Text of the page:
NOTE: This content is old - Published: Wednesday, Apr 17th, 2019.
Senior politicians in Flintshire have urged people to ‘take responsibility’ for their actions to reduce the amount of litter on the county’s streets.
The call was made as members of Flintshire Council’s ruling Labour administration met to discuss guidelines for issuing £75 fines against individuals who drop rubbish or fail to pick up after their dog.
The enforcement service was recently brought back in-house by the local authority following the departure of Kingdom Services, whose staff attracted criticism for alleged ‘heavy handed’ tactics.
The council now has seven officers responsible for tackling litter hot spots and handing out fixed penalty notices.
At a meeting on Tuesday cabinet members said they would aim to strike the right balance between education and punishment to address the previous criticism.
However, they stressed it was up to members of the public to change their behaviour in order to make a real difference.
Speaking at County Hall in Mold, Cllr Derek Butler, cabinet member for economic development, said: “I think we’ve gone through a period where people’s perceptions are that they can drop things and expect the council to pick it up.
“Not just in Flintshire but nationally there seems to be this mentality.
“People actually need to be responsible for their own communities.
“Flintshire people need to be citizens and behave as citizens.”
It was previously revealed that plain-clothed council officers will be used as part of the crackdown on dog fouling in Flintshire.
Staff will be asked to work flexible shifts, including early mornings and evenings, in order to target people who don’t clean up after their pets.
Under the new service, community and town councils will also be given the opportunity to fund officers to spend time in their area.
Cabinet members approved the new protocol despite fears being raised by Cllr Chris Bithell that the new measures were not strict enough.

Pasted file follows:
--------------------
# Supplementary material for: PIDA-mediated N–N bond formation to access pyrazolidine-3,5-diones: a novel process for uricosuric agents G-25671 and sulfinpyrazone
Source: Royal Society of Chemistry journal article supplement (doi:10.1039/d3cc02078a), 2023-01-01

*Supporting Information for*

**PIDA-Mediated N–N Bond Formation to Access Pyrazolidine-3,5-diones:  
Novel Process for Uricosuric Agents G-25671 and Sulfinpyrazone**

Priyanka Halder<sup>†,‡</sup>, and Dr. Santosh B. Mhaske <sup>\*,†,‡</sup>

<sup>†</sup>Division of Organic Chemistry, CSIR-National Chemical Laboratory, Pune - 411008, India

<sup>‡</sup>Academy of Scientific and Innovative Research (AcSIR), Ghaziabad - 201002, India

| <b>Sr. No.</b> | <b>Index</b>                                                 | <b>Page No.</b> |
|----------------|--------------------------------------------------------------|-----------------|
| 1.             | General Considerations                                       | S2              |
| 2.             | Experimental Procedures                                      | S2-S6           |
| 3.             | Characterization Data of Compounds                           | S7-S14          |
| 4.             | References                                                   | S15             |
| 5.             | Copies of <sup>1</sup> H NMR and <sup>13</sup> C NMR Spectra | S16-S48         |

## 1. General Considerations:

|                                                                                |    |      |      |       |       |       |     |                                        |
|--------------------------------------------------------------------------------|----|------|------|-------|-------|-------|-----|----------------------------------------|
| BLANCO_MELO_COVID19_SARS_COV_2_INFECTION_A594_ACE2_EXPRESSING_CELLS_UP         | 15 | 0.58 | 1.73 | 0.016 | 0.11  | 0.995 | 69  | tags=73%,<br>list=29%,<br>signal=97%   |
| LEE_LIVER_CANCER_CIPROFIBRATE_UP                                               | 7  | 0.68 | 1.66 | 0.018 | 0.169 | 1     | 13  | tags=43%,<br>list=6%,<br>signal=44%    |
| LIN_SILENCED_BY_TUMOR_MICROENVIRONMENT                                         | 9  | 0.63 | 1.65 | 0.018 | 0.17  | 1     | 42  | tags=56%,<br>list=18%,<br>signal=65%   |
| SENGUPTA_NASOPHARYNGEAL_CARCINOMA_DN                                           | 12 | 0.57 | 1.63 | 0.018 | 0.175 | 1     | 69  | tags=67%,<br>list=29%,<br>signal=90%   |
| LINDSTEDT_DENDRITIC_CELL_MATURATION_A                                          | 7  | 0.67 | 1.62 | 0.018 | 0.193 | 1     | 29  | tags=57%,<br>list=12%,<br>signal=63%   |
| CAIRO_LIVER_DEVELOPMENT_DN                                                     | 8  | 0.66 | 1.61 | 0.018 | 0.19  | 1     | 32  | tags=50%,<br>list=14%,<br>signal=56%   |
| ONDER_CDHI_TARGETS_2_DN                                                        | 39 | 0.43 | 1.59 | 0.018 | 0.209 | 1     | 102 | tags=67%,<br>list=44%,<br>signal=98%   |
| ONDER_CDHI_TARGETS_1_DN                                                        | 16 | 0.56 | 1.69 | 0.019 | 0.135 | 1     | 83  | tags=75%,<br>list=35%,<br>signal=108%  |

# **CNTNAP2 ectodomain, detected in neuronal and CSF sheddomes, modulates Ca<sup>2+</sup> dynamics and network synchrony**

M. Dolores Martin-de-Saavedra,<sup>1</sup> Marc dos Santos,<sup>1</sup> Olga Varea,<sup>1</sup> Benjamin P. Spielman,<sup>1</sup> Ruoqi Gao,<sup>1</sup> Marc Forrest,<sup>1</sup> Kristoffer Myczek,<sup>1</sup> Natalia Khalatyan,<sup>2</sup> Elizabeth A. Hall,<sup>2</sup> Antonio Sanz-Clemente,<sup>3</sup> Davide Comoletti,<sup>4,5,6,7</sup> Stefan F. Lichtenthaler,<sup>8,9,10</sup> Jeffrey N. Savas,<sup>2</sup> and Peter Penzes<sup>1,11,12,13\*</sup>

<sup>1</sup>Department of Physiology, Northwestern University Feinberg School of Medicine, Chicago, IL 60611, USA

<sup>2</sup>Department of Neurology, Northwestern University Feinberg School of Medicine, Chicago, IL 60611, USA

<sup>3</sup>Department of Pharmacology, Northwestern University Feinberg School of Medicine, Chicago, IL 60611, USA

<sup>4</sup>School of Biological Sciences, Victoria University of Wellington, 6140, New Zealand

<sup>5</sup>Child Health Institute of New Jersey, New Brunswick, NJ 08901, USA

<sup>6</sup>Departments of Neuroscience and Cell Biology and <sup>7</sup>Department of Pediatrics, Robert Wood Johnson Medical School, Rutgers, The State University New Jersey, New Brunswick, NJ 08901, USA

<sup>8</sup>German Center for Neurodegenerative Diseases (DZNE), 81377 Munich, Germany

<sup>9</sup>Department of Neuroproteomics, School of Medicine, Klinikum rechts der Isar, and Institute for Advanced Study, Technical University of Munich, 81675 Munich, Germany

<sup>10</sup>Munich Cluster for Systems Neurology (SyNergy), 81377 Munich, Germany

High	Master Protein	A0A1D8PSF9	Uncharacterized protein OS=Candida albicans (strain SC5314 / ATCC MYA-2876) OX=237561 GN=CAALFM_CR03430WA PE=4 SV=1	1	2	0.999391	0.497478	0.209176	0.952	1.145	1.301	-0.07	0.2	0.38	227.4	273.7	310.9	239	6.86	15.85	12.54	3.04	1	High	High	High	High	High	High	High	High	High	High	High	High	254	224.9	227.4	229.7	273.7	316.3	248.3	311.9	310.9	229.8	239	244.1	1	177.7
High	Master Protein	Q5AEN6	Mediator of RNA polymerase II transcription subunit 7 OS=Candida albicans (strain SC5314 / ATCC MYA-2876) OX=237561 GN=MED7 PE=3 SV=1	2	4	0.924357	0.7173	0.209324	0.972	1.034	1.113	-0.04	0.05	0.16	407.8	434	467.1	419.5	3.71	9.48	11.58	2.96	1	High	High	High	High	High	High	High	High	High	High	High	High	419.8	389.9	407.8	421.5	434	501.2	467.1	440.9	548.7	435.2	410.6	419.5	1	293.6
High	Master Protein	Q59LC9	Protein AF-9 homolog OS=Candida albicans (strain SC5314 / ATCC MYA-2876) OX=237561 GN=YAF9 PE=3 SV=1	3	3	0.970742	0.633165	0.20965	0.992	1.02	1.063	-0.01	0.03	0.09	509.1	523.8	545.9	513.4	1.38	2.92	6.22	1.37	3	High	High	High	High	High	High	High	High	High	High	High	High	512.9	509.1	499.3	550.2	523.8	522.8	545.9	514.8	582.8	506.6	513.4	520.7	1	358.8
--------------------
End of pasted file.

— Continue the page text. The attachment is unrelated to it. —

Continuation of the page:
He said: “I have great concerns about this change in policy and procedure which we’re now adopting.
“Derek was talking about moving on. Well this feels like we’re moving back.
“We’ve operated the service before in the past and it was not successful.
“I’ve got concerns that we’re going to have seven operatives in the county when we’ve got eight towns, and that’s saying nothing of the villages who deserve a service too.”
It is expected that £20,000 will be generated in income for the council each year under the new service.
The figure equates to 266 fines being handed out per year or 22 per month.
However, Cllr Carolyn Thomas, cabinet member for Streetscene and countryside, insisted the number was a prediction rather than a target.
She said: “The measurement needs to be how clean our streets are going to be now and not how many fines are issued.
“Residents need to work with us as it costs a lot of money picking up litter.
“We will rely on the professional judgement of our experienced enforcement officers to exercise a balance between education and enforcement.
“The approach will be that the council will carry out the appropriate enforcement action against those who intentionally litter.”
By Liam Randall – Local Democracy Reporter (more here).